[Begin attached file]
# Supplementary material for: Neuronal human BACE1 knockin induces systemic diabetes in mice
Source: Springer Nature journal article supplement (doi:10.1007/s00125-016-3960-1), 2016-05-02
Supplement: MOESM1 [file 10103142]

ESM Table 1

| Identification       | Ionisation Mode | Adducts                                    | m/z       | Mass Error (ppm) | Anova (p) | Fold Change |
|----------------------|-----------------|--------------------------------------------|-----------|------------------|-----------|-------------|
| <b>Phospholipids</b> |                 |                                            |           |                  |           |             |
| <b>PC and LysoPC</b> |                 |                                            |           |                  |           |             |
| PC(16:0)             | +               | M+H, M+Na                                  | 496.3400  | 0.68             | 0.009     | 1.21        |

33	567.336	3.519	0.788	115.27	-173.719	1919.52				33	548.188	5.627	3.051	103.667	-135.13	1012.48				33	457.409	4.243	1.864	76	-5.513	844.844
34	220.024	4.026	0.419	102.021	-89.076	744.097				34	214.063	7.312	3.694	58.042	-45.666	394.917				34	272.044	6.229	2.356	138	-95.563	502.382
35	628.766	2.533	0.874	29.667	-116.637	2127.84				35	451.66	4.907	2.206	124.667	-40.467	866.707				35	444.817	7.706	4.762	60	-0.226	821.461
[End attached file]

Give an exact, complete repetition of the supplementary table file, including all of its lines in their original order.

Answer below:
# Supplementary material for: Neuronal human BACE1 knockin induces systemic diabetes in mice
Source: Springer Nature journal article supplement (doi:10.1007/s00125-016-3960-1), 2016-05-02
Supplement: MOESM1 [file 10103142]

ESM Table 1

| Identification       | Ionisation Mode | Adducts                                    | m/z       | Mass Error (ppm) | Anova (p) | Fold Change |
|----------------------|-----------------|--------------------------------------------|-----------|------------------|-----------|-------------|
| <b>Phospholipids</b> |                 |                                            |           |                  |           |             |
| <b>PC and LysoPC</b> |                 |                                            |           |                  |           |             |
| PC(16:0)             | +               | M+H, M+Na                                  | 496.3400  | 0.68             | 0.009     | 1.21        |

33	567.336	3.519	0.788	115.27	-173.719	1919.52				33	548.188	5.627	3.051	103.667	-135.13	1012.48				33	457.409	4.243	1.864	76	-5.513	844.844
34	220.024	4.026	0.419	102.021	-89.076	744.097				34	214.063	7.312	3.694	58.042	-45.666	394.917				34	272.044	6.229	2.356	138	-95.563	502.382
35	628.766	2.533	0.874	29.667	-116.637	2127.84				35	451.66	4.907	2.206	124.667	-40.467	866.707				35	444.817	7.706	4.762	60	-0.226	821.461